For the second time in six months, employers are faced with the possibility of weather related absenteeism of their staff. Even though October’s Storm Ophelia posed many questions about weather related absence, and whether employees should be paid, we’re entering another grey area this week as the ‘Beast from the East’ (or the much less cheesy Storm Emma) takes hold. One thing we have learned though, is that communication is key, and so the sooner employers can establish a plan with their employees, the better.
First things first: from a legal standpoint, there is no provision in law to pay an employee who does not come into work due to adverse weather conditions. Furthermore, there is no provision in law to pay employees when an employer decides not to operate due to those weather conditions. In fact, most standard contracts of employment have a provision for ‘lay off’ where an employer, due to circumstances beyond their control is unable to maintain an employee in full time employment. This is normally reserved for longer term episodes, but the principles apply in adverse weather conditions too.
However, while there is no legal obligation to pay employees who may not be able to work, there is value in employers adopting a common-sense approach in this regard. Health and Safety is paramount over the coming days and an employer’s duty of care towards the health and welfare of their employees shouldn’t be understated. This is not just about employee’s safety getting to work, but their ability to get home during what may be worsening conditions, as well as the stress and anxiety that the whole experience and uncertainty may cause.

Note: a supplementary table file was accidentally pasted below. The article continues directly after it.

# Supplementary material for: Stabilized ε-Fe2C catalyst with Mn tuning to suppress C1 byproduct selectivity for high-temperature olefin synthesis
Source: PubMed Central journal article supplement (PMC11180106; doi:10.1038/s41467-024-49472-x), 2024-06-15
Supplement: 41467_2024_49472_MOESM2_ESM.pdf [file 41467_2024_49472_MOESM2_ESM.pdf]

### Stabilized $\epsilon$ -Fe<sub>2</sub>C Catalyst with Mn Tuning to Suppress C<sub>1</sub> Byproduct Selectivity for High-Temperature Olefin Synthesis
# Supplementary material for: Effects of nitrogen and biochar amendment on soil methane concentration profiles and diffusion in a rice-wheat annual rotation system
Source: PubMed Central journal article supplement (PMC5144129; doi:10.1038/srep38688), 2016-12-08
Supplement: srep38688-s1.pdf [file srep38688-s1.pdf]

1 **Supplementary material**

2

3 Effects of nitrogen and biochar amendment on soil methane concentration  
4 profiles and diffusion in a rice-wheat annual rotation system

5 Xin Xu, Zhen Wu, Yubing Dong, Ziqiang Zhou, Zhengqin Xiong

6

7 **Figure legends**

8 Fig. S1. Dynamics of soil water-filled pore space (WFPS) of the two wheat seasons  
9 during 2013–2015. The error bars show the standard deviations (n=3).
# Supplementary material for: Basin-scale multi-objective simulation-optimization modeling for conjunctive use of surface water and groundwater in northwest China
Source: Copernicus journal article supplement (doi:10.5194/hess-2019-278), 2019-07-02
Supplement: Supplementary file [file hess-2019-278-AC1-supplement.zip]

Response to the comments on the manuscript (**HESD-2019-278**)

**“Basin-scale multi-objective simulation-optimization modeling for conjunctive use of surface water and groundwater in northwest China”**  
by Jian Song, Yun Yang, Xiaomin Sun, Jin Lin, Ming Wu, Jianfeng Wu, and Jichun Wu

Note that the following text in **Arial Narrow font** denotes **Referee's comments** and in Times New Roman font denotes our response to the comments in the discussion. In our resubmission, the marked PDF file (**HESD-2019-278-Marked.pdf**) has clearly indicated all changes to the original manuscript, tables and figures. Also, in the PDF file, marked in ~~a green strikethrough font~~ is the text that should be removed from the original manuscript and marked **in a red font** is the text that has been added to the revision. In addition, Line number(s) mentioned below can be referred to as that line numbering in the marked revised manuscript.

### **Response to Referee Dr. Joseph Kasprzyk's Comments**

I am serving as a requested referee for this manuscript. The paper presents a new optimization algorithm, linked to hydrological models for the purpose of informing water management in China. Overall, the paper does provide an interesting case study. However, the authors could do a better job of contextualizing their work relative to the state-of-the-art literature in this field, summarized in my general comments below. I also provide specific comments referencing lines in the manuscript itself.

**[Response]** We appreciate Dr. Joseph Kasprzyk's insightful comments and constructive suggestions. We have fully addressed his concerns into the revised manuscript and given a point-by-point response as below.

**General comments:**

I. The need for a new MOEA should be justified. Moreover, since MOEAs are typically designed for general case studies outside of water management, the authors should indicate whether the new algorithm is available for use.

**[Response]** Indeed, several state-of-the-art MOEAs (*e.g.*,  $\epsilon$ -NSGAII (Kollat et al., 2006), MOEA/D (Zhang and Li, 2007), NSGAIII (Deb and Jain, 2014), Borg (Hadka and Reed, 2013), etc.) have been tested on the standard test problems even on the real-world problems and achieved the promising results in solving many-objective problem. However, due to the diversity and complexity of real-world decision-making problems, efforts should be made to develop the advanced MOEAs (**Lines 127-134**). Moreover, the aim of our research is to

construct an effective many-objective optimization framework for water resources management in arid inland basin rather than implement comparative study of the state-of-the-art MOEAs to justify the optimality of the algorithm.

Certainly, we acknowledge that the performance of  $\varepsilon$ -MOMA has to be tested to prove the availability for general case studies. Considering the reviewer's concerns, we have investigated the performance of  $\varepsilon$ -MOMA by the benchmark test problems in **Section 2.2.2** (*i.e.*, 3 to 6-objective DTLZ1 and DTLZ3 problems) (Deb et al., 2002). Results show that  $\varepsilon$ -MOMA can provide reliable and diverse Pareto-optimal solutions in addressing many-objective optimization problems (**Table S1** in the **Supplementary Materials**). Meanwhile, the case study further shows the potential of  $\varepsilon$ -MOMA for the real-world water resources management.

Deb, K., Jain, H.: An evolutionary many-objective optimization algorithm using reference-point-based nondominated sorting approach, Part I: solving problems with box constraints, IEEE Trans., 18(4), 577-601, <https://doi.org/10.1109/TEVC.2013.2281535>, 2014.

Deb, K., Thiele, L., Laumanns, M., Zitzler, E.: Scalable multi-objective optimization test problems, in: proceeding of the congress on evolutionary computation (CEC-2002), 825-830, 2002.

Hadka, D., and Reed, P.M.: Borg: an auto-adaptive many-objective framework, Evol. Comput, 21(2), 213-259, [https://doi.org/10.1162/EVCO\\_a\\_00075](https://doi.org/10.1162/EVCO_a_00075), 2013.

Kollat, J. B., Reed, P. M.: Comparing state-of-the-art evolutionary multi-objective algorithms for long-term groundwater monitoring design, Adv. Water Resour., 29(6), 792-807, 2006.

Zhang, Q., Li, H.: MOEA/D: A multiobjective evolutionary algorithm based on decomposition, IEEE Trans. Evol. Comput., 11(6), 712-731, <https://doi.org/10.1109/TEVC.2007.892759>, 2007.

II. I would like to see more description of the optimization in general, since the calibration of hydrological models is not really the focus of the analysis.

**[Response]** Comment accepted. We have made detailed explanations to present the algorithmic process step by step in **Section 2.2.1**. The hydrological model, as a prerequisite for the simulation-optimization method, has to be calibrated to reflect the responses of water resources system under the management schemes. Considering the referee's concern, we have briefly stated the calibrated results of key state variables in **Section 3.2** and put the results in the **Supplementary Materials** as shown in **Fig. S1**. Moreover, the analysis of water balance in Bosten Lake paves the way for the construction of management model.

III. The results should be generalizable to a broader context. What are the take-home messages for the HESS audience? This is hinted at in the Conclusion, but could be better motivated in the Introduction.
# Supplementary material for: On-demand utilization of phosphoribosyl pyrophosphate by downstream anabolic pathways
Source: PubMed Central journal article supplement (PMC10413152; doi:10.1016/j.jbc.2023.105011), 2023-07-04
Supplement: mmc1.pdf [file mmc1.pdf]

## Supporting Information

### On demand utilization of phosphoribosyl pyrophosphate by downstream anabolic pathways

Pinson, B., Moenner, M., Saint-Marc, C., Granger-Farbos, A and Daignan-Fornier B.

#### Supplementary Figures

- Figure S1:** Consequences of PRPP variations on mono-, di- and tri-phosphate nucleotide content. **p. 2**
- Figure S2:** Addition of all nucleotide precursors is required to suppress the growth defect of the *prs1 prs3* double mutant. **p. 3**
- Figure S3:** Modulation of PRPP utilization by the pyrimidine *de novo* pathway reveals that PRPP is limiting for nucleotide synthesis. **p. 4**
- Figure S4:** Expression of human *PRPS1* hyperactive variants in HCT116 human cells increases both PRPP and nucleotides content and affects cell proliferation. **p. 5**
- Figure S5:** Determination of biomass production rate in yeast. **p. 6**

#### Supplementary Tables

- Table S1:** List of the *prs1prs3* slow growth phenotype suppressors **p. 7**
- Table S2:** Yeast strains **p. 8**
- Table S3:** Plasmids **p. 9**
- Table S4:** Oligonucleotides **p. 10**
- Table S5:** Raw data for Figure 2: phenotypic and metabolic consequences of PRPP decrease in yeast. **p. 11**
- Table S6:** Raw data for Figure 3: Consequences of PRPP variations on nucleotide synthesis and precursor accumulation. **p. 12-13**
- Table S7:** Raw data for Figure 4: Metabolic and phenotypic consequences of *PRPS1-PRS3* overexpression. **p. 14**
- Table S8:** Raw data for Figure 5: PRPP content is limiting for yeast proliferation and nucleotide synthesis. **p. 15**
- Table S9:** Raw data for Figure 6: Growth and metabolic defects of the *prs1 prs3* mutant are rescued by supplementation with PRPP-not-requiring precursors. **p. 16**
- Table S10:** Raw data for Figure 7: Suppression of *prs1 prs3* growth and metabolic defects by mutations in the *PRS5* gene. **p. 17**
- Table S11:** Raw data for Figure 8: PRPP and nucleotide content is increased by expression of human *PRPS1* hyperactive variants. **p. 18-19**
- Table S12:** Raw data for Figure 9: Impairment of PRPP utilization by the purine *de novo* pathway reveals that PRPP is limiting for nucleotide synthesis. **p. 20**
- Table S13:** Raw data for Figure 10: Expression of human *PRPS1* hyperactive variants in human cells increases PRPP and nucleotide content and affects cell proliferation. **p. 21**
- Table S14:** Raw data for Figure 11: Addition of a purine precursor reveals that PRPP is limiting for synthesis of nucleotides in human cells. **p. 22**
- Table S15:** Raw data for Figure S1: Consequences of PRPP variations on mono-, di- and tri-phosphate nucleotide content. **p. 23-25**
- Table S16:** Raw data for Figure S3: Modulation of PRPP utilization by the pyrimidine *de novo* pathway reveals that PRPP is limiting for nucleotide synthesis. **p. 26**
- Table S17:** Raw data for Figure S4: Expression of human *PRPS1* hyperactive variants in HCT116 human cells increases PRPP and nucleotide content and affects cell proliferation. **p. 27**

My advice over the coming days is as follows:
• Communicate early- even if it is just to say that you will await further instruction, at least employees will know it is on your radar.
• Take each scenario on a case by case basis. Employees travelling further distances, or field-based staff will need more consideration.
• Prepare to be flexible: Allow employees to work from home if possible, or if not, encourage them to start a little later and leave earlier when conditions might be easier.
• Don’t underestimate how far some goodwill will go. A reasonable and practical solution to such a scenario is what will stand to employers long term, as employees value being treated fairly with an appreciation for their welfare.